And hence, public attitudes must be shaped so that military activities aren’t constrained, or let alone face demands to have the military be used in legitimate peacekeeping! If propaganda is seen to have a role to counter such perceptions and demands, then the implications are far ranging indeed. The more disturbing aspects dealt with in the book are indications that mass deception campaigns can also be used to subvert the nature of our democratic societies. If the will of the people can be manipulated to make wars possible, then other aspects of a democracy can be subverted too. The deceit is not restricted to wars, but may increasingly influence other political issues.

In an interview, Robert Fisk presents his journalistic philosophy and further proof of his courage in covering events in the Middle East. If only more journalists would take their duty to inform their public more seriously, and if they would show some more backbone, then our media would be more exciting, and it would certainly hamper propagandists’ possibilities to deceive their target populations. Fisk discusses what he considers the essential role of journalism, and it certainly goes counter the recent trends in American journalism – where the journalist is a moral eunuch just seeking to present what people say without much interpretation or opinion. This article indicates that another media world is possible.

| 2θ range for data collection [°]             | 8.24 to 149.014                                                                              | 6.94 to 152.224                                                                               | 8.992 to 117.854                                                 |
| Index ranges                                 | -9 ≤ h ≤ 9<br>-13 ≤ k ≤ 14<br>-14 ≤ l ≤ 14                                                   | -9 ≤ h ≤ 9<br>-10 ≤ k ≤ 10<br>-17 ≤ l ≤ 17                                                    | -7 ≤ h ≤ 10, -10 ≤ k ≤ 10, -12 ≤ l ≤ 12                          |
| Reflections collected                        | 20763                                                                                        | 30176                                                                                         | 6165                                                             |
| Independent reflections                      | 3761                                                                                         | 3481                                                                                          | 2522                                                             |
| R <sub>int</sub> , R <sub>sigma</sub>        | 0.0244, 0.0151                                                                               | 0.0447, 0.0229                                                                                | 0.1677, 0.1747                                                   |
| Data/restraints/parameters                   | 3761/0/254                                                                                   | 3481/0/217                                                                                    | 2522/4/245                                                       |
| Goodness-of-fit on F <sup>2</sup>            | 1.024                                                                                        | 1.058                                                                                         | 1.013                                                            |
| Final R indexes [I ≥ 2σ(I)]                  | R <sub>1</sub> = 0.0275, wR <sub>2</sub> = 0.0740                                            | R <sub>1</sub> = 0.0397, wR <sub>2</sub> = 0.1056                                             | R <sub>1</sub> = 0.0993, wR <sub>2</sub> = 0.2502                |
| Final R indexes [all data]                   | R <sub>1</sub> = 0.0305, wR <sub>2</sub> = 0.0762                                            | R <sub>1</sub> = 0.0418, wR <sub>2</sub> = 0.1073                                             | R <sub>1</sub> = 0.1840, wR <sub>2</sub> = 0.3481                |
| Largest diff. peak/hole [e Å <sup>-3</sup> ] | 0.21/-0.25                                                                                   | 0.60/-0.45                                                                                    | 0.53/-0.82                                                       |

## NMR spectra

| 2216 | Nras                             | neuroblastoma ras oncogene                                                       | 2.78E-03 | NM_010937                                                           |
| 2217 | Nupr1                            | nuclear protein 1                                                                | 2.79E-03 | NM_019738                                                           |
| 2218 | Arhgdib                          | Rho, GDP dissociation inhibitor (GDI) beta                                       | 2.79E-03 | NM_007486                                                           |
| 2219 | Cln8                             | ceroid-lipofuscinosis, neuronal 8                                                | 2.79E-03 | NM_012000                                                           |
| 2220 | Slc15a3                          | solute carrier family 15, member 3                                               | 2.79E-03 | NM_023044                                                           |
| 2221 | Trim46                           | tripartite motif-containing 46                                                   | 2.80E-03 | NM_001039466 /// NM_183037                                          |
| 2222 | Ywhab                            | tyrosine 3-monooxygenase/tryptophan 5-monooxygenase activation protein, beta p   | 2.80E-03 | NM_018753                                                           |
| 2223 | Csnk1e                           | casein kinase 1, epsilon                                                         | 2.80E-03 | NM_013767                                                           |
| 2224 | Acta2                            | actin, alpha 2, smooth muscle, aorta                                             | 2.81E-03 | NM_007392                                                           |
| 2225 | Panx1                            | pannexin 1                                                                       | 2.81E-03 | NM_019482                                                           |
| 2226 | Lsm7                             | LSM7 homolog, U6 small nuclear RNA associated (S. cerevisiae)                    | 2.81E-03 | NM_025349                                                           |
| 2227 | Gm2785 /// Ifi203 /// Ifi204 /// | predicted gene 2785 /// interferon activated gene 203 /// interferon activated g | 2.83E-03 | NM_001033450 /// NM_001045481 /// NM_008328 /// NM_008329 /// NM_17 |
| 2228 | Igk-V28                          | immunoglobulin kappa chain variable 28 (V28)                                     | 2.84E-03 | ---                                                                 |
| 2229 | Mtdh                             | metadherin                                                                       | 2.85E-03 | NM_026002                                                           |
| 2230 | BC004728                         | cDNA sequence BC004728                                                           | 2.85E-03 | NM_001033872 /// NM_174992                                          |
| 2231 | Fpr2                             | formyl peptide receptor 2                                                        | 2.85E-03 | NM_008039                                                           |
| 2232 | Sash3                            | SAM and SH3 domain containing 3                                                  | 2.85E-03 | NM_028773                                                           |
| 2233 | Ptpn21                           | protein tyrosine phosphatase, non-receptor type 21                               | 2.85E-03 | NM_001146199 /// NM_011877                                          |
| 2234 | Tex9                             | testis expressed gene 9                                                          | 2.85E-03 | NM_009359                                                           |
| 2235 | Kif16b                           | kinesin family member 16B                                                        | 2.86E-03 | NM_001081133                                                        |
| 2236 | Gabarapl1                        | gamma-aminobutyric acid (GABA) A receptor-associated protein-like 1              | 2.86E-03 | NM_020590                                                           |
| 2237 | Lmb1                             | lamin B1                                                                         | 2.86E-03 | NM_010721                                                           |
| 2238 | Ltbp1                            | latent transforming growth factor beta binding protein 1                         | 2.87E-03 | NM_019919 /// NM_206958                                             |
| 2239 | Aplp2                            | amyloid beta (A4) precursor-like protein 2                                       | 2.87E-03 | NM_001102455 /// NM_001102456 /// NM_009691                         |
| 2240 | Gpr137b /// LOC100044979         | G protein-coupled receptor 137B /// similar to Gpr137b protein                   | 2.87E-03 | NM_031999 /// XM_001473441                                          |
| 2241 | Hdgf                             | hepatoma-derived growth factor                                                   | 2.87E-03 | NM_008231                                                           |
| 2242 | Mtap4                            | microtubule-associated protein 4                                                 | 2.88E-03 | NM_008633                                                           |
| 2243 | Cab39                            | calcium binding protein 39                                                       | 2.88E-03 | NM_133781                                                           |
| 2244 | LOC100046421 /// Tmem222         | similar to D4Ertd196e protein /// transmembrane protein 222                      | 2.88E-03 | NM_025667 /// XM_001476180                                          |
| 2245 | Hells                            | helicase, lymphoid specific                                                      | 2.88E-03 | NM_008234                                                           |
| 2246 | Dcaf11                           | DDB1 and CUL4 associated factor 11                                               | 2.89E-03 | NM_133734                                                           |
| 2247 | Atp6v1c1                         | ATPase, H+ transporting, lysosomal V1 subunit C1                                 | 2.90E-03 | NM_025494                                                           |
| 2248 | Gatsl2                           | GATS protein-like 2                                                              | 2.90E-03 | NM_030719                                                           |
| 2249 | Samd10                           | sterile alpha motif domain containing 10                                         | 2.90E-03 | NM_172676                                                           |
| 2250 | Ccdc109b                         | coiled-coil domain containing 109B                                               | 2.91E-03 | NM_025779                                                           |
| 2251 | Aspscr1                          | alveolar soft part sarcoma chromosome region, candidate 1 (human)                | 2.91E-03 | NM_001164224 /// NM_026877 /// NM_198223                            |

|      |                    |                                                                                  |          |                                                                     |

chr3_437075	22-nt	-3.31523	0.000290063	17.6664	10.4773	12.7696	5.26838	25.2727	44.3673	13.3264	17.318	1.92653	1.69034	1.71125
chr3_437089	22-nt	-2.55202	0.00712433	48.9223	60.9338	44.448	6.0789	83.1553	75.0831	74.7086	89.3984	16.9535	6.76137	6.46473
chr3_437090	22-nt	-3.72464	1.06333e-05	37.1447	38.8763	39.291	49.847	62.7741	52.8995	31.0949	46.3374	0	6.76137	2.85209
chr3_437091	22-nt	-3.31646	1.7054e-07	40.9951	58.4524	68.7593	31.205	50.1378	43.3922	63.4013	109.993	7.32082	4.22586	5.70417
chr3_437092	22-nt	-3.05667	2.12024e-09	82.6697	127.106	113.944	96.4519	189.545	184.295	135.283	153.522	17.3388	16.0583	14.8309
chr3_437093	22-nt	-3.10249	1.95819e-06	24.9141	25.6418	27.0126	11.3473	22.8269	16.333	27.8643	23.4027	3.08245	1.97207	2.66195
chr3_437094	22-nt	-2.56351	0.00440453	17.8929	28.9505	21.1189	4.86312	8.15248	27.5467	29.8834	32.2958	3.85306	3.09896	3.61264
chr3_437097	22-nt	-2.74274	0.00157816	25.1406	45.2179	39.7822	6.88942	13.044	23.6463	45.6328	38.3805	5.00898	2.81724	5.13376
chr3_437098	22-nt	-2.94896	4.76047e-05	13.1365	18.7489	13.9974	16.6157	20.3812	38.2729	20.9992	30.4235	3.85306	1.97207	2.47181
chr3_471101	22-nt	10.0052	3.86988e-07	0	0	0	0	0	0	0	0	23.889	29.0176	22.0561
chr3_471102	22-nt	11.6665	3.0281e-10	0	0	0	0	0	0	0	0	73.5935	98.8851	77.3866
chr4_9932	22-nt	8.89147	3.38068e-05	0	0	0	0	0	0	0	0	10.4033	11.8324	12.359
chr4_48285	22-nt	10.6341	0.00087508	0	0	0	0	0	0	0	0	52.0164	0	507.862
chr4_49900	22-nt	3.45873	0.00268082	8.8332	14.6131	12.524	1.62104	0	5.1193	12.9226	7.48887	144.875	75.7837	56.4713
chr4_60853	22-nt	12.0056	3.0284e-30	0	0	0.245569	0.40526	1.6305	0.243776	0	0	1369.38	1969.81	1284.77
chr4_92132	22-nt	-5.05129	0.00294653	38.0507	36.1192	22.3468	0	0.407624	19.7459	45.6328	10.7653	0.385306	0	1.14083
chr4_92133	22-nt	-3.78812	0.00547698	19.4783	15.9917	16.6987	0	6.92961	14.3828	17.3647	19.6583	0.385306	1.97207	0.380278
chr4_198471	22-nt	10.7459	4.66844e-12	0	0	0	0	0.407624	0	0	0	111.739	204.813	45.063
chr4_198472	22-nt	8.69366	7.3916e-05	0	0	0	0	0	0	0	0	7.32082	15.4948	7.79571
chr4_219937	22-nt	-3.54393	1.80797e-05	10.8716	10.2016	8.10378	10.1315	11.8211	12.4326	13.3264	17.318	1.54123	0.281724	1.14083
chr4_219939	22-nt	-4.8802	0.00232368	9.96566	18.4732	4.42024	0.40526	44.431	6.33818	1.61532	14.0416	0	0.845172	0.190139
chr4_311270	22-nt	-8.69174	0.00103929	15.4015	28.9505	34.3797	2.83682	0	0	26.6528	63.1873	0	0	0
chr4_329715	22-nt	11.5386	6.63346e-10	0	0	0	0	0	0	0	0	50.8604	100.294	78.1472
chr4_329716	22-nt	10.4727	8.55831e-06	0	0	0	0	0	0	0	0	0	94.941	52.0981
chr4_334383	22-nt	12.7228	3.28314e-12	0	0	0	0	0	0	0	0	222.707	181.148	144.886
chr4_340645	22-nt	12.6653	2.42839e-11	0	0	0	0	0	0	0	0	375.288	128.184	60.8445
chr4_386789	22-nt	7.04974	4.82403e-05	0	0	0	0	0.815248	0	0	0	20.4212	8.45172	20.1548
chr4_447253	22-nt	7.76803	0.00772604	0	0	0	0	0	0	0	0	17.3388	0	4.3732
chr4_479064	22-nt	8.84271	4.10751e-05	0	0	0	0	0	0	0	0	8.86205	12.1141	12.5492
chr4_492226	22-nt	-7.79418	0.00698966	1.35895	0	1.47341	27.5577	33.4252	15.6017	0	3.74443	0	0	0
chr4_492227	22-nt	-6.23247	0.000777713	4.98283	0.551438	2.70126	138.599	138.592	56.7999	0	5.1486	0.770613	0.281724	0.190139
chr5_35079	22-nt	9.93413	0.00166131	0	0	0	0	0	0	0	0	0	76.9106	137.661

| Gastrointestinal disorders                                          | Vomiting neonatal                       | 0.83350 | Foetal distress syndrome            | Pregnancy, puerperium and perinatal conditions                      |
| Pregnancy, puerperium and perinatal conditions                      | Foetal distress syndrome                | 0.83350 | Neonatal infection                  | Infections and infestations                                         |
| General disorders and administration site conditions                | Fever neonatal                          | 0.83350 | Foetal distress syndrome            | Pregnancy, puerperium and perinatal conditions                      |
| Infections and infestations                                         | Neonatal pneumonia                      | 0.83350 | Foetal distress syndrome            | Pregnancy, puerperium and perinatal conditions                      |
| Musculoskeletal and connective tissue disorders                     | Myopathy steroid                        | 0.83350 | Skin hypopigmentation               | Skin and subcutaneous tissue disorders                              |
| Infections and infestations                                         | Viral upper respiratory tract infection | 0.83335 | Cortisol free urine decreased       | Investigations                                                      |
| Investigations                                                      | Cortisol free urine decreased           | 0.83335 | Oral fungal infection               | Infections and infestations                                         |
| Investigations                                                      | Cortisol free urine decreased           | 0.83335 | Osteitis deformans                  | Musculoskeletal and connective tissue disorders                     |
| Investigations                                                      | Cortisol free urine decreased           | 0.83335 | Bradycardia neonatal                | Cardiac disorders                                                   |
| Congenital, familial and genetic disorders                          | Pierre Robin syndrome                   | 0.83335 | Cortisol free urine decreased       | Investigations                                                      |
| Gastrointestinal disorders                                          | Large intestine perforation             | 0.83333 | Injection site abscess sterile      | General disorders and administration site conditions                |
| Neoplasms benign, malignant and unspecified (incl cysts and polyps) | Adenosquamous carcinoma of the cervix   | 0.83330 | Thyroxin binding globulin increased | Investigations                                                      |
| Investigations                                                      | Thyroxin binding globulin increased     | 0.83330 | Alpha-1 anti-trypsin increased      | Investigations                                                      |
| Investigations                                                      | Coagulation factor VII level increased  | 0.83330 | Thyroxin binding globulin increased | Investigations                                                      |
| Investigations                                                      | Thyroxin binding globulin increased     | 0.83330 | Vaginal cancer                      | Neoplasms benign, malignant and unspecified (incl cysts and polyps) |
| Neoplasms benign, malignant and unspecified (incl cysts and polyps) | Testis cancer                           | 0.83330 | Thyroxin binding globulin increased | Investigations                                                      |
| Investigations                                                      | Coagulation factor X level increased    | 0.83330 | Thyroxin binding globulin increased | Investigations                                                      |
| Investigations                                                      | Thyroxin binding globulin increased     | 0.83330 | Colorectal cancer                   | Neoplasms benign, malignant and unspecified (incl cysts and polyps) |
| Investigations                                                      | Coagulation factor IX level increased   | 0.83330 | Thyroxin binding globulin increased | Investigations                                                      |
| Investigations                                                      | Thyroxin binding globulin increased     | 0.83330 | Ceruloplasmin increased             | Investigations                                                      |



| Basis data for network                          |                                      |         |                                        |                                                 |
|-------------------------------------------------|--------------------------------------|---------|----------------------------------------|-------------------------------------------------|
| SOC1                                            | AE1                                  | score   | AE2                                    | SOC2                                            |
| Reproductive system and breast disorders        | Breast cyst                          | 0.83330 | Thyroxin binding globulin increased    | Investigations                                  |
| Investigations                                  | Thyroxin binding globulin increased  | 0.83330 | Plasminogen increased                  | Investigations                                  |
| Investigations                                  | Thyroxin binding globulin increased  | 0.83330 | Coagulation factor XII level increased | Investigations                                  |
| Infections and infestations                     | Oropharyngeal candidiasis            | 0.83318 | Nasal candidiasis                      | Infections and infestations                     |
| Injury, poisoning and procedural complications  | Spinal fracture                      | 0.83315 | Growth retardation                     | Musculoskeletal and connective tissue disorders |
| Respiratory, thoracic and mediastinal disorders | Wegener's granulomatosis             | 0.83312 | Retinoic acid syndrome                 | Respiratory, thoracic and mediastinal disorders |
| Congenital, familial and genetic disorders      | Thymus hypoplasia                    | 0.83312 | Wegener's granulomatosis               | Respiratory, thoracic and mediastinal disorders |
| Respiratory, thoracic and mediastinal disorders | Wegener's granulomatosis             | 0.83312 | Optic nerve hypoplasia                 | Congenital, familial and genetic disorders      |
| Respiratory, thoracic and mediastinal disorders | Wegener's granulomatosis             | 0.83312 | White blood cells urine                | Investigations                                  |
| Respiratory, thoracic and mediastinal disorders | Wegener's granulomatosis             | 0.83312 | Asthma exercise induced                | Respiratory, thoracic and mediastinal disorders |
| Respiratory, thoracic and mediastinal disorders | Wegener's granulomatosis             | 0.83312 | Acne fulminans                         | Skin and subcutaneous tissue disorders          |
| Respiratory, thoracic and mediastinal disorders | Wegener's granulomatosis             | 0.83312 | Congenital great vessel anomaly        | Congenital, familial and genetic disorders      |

The answer to the mass media deception campaigns is not to switch off the TV or turn to light entertainment. The implications of inaction are far too stark – wars, the misery of millions of people, and democracy itself are involved. The only alternative is to actively confront propaganda and to seek out alternative information. Tell me lies is an important case study of a huge propaganda campaign, and it provides the framework needed to understand what we were subjected to and how it was done. This is essential knowledge to counter the insidious phenomenon that is becoming entrenched in our societies.

Paul de Rooij is a writer living in London, and can be reached at (all attachments will be automatically deleted.) ©2004 Paul de Rooij.

Other Articles by Paul de Rooij:

* Glossary of the Iraqi Occupation
* The Military Death Toll While Enforcing the Occupation of Iraq
* The BBC and the Quiet Ethnic Cleansing of Palestinians
* For Whom The Death Tolls: Deliberate Undercounting of “Coalition” Fatalities
* The Politics of Crying Wolf
* Demolishing the Myths of the Israel-Palestine Conflict
* Amnesty International: The Case of a Rape Foretold
* Predictable Propaganda: Four Months of US Occupation of Iraq
* The Parade of the Body Bags
* Ambient Death in Palestine
* The Hydra’s New Head: Propagandists, and Selling the US-Iraq War
* Gretta Duisenberg: An Activist in the Trenches
* Propaganda Stinkers: Fresh Samples From the Field
* Arrogant Propaganda: US Propaganda During The First 10 Days of the US- Iraq War
* A Glossary of Warmongering